Closing ‘positions of trust’ legal loophole will better protect teenagers in Wales from sexual predators
New legislation will be unveiled in Parliament today (March 9) which seeks to prevent adults in ‘positions of trust’ from engaging in sexual relationships with young people under the age of 18.
It’s illegal for teachers, care workers and youth justice workers to have sex with 16 or 17-year-olds in their care.
But a loophole in the law means sports coaches and faith leaders can legally have sexual relationships with 16 and 17-year-olds in their care.
The “landmark step” follows an extensive review which raised concerns that predators could exploit the particular influence these roles can often have in a young person’s life – making them vulnerable to abuse.
The new legislation included in the wide ranging The Police, Crime, Sentencing and Courts Bill follows the long standing ‘Close the Loophole’ campaign by the NSPCC.
The charity began campaigning to extend the law in 2017 after the football abuse scandal in 2016 highlighted how adults utilised their positions of authority in sports settings to abuse children.
The campaign gained widespread political and public support to extend the legal protection for 16 and 17-year-olds to prevent them being targeted by adults with power and influence over them.
Laura Whapham, Child Protection in Sport Senior Consultant for NSPCC Cymru/Wales says: “It has been a long time coming, but following tireless NSPCC campaigning we are thrilled that the UK Government has listened to our calls and is finally agreeing to close this legal loophole.
“It is a huge breakthrough that will mean better protection for young people in Wales who will now be at less risk of being groomed by adults they trust during extracurricular activities.”
“As well as this landmark legal change, which we will follow closely, we want to see Welsh Government make a commitment to a renewed and comprehensive Welsh Action Plan in the next Senedd term to help prevent child sexual abuse and further protect and support children and young people.”
The Police, Crime, Sentencing and Courts Bill seeks to equip the police with the powers and tools they need to protect themselves and the public, while overhauling sentencing laws to keep serious sexual and violent offenders behind bars for longer, and placing greater emphasis on rehabilitation to better help offenders to turn their lives around and prevent further crimes.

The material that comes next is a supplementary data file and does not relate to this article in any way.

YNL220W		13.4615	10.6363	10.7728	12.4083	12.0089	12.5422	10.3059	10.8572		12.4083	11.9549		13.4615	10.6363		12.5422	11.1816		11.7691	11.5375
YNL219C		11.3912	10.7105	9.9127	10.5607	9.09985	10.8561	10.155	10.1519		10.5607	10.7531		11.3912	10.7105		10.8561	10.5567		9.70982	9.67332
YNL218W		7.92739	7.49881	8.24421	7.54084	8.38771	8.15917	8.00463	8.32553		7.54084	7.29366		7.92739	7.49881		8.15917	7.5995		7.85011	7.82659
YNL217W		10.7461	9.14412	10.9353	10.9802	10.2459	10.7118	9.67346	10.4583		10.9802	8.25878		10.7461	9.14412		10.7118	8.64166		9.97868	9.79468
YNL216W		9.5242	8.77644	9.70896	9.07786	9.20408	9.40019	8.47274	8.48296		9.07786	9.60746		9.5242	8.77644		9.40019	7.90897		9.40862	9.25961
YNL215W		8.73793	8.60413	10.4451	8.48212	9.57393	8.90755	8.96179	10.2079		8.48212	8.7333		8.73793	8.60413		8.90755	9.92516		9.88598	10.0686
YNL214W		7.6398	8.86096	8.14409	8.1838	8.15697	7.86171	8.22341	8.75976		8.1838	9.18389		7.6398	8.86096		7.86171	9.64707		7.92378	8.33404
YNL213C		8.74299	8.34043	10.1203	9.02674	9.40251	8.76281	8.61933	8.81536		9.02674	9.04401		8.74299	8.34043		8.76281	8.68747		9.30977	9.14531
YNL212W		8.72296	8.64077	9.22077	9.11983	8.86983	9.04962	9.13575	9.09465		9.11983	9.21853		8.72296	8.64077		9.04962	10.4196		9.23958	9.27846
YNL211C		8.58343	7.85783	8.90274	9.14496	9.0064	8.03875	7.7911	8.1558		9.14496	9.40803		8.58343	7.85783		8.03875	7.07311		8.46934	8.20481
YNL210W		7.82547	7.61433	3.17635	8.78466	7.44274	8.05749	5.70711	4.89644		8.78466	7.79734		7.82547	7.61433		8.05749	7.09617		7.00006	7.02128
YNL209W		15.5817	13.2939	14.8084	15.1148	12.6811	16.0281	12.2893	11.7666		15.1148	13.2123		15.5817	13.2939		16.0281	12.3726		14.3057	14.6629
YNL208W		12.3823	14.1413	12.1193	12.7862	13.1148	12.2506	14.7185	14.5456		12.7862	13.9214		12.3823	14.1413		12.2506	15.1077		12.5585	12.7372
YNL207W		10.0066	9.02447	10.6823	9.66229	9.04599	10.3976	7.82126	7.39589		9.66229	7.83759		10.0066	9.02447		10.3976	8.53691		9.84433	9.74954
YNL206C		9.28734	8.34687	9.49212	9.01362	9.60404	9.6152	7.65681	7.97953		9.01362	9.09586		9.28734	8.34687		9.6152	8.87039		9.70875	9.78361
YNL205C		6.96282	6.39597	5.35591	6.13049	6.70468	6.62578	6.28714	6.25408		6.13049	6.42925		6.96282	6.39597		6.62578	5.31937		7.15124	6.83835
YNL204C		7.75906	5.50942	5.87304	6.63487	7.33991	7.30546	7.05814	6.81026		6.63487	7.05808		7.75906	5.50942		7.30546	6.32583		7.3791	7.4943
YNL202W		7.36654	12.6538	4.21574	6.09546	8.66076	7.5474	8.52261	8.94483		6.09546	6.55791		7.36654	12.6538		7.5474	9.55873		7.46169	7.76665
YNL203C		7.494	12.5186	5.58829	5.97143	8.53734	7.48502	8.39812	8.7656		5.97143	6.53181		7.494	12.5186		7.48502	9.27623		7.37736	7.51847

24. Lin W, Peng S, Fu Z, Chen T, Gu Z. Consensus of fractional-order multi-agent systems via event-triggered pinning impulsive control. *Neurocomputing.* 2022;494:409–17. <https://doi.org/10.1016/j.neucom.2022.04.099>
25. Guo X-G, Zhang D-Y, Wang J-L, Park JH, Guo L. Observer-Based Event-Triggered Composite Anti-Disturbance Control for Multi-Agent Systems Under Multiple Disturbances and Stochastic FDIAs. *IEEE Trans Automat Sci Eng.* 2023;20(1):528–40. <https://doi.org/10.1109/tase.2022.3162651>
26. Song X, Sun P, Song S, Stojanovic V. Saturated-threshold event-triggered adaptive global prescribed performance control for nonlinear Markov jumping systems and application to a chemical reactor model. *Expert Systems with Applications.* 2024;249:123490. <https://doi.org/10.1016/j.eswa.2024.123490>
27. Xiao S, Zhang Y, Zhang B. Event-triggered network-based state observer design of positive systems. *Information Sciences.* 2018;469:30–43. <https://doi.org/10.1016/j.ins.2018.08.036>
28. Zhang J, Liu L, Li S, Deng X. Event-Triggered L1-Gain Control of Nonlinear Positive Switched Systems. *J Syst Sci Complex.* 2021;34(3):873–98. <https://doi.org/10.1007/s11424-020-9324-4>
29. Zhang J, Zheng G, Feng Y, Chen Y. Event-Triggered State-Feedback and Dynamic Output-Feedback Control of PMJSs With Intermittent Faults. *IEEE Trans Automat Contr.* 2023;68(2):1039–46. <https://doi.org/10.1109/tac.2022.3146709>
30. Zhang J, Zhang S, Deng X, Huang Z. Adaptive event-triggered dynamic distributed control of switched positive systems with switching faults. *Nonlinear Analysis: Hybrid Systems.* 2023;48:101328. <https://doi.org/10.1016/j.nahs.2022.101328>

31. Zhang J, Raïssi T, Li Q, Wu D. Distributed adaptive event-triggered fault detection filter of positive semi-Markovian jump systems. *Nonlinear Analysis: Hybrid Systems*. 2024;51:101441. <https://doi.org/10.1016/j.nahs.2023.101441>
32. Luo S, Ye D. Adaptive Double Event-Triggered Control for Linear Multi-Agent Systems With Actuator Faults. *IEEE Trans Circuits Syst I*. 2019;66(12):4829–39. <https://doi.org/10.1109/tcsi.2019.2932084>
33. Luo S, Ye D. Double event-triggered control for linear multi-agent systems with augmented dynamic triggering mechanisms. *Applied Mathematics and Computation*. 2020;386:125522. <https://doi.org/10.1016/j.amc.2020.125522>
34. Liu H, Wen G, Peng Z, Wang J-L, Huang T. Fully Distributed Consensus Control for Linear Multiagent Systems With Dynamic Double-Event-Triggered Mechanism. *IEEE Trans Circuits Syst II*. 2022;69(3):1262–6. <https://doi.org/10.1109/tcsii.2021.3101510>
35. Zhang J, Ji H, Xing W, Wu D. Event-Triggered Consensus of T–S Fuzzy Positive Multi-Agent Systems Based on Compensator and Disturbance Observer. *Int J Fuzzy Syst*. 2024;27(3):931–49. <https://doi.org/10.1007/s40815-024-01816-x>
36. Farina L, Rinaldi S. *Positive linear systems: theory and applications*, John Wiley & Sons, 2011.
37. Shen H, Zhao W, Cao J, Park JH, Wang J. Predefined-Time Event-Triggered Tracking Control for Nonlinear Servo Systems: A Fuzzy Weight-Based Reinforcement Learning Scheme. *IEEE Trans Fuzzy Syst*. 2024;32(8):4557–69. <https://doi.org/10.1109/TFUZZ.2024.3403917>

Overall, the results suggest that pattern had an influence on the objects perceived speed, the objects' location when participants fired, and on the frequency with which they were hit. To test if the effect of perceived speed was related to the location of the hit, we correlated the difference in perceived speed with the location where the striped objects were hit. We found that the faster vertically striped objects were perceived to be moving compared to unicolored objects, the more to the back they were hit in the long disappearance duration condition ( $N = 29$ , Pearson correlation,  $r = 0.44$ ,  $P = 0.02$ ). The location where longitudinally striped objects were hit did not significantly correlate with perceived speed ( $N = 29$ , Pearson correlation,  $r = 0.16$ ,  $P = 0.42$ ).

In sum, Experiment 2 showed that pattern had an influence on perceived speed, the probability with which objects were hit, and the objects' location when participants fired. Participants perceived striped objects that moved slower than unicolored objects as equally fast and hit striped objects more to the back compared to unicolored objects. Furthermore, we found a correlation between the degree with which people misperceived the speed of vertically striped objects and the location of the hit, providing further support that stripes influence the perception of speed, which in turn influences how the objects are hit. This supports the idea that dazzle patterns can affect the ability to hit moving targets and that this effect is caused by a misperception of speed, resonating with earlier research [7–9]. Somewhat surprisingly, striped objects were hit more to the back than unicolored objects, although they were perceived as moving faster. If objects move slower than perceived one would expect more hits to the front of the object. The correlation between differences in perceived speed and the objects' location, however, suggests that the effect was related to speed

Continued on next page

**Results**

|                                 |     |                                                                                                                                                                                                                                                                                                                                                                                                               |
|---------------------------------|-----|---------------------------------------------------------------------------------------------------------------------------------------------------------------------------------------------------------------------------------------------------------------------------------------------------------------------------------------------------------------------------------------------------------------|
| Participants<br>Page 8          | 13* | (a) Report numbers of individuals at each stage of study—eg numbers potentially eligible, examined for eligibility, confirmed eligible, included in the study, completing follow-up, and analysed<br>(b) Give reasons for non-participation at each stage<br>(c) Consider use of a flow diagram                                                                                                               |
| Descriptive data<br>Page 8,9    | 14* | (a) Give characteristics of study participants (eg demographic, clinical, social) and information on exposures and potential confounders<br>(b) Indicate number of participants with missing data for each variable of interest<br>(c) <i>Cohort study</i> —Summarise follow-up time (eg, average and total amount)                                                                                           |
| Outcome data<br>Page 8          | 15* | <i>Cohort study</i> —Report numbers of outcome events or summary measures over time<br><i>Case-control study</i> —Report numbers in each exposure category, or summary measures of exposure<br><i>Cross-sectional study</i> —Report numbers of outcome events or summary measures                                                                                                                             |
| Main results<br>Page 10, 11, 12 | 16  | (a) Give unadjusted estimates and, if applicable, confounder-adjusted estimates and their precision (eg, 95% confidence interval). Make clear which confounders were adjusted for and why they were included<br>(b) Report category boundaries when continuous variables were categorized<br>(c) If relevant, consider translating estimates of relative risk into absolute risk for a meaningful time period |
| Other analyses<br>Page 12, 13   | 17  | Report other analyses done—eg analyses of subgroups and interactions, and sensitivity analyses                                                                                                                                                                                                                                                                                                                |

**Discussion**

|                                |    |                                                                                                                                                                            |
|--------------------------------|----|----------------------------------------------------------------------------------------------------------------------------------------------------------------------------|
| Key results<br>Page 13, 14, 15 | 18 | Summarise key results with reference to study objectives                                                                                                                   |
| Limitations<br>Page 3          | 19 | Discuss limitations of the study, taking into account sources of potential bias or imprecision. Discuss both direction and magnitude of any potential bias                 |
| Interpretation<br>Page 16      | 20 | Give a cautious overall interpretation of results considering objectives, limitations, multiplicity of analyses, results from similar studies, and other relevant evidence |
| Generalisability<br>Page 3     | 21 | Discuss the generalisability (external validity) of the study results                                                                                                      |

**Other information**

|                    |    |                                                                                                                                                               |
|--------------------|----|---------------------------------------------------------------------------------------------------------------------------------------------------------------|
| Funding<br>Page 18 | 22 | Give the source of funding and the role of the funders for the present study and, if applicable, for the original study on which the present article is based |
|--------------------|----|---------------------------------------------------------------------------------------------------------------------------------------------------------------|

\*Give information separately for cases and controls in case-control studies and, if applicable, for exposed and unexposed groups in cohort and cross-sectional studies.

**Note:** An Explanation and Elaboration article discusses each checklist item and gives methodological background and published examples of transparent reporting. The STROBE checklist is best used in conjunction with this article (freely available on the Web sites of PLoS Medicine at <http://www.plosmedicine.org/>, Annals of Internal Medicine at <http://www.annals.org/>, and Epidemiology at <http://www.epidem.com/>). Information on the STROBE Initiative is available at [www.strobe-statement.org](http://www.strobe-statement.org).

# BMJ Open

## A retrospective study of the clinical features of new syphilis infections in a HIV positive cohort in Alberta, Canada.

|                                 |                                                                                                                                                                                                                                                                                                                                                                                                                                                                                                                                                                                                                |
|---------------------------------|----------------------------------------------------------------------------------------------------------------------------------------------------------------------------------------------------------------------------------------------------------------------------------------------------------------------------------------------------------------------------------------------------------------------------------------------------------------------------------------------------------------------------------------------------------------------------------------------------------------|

New court orders will boost efforts to crack down on knife crime, as well as make it easier to stop and search those suspected of carrying a blade.
New laws will also enable police to better tackle unauthorised encampments, and safely manage protests where they threaten public order or stop people from getting on with their daily lives.
The Bill will also enshrine a Police Covenant in law, strengthening the support received by serving and retired officers, staff and their families.
In addition, maximum penalties will be doubled from 12 months to 2 years for those who assault police or other emergency workers, such as prison officers, fire personnel or frontline health workers – helping to protect those who put their lives on the line to keep communities safe.
Lord Chancellor and Justice Secretary, Robert Buckland QC said: “This government has pledged to crack down on crime and build safer communities. Today we are delivering on that commitment.”
“We are giving the police and courts the powers they need to keep our streets safe, while providing greater opportunities for offenders to turn their lives around and better contribute to society.”
“At the same time, we are investing hundreds of millions to deliver speedier justice and boost support for victims, and will continue to do everything it takes to build back confidence in the criminal justice system.”
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